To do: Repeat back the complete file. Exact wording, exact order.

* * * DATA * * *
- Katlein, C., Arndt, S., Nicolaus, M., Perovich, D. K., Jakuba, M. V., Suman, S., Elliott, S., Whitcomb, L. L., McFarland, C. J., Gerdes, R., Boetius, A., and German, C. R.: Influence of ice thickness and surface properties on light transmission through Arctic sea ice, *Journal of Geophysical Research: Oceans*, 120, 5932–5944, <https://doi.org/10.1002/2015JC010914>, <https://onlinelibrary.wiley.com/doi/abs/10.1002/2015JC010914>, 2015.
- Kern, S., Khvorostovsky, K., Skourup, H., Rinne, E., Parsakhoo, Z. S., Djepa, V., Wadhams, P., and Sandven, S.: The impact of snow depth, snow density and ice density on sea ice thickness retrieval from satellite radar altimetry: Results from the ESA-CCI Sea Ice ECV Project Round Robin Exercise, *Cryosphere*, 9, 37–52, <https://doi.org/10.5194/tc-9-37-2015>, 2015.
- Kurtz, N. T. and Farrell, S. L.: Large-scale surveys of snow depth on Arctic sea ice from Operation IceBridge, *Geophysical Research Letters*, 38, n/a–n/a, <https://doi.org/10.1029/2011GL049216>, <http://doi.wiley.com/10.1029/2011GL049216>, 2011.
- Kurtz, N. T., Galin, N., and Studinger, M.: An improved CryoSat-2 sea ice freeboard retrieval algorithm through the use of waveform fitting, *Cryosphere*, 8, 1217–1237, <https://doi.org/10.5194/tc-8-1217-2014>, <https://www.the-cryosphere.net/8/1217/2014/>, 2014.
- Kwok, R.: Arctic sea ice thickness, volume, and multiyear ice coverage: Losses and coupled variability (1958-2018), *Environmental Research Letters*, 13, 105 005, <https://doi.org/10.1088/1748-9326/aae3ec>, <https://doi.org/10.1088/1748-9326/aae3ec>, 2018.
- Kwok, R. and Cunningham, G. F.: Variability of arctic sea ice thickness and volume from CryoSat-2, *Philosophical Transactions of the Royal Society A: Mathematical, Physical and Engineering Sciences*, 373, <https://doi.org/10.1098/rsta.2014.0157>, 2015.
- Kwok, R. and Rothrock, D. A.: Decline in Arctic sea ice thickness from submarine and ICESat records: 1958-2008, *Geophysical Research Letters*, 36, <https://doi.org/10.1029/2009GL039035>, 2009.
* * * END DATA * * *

- Katlein, C., Arndt, S., Nicolaus, M., Perovich, D. K., Jakuba, M. V., Suman, S., Elliott, S., Whitcomb, L. L., McFarland, C. J., Gerdes, R., Boetius, A., and German, C. R.: Influence of ice thickness and surface properties on light transmission through Arctic sea ice, *Journal of Geophysical Research: Oceans*, 120, 5932–5944, <https://doi.org/10.1002/2015JC010914>, <https://onlinelibrary.wiley.com/doi/abs/10.1002/2015JC010914>, 2015.
- Kern, S., Khvorostovsky, K., Skourup, H., Rinne, E., Parsakhoo, Z. S., Djepa, V., Wadhams, P., and Sandven, S.: The impact of snow depth, snow density and ice density on sea ice thickness retrieval from satellite radar altimetry: Results from the ESA-CCI Sea Ice ECV Project Round Robin Exercise, *Cryosphere*, 9, 37–52, <https://doi.org/10.5194/tc-9-37-2015>, 2015.
- Kurtz, N. T. and Farrell, S. L.: Large-scale surveys of snow depth on Arctic sea ice from Operation IceBridge, *Geophysical Research Letters*, 38, n/a–n/a, <https://doi.org/10.1029/2011GL049216>, <http://doi.wiley.com/10.1029/2011GL049216>, 2011.
- Kurtz, N. T., Galin, N., and Studinger, M.: An improved CryoSat-2 sea ice freeboard retrieval algorithm through the use of waveform fitting, *Cryosphere*, 8, 1217–1237, <https://doi.org/10.5194/tc-8-1217-2014>, <https://www.the-cryosphere.net/8/1217/2014/>, 2014.
- Kwok, R.: Arctic sea ice thickness, volume, and multiyear ice coverage: Losses and coupled variability (1958-2018), *Environmental Research Letters*, 13, 105 005, <https://doi.org/10.1088/1748-9326/aae3ec>, <https://doi.org/10.1088/1748-9326/aae3ec>, 2018.
- Kwok, R. and Cunningham, G. F.: Variability of arctic sea ice thickness and volume from CryoSat-2, *Philosophical Transactions of the Royal Society A: Mathematical, Physical and Engineering Sciences*, 373, <https://doi.org/10.1098/rsta.2014.0157>, 2015.
- Kwok, R. and Rothrock, D. A.: Decline in Arctic sea ice thickness from submarine and ICESat records: 1958-2008, *Geophysical Research Letters*, 36, <https://doi.org/10.1029/2009GL039035>, 2009.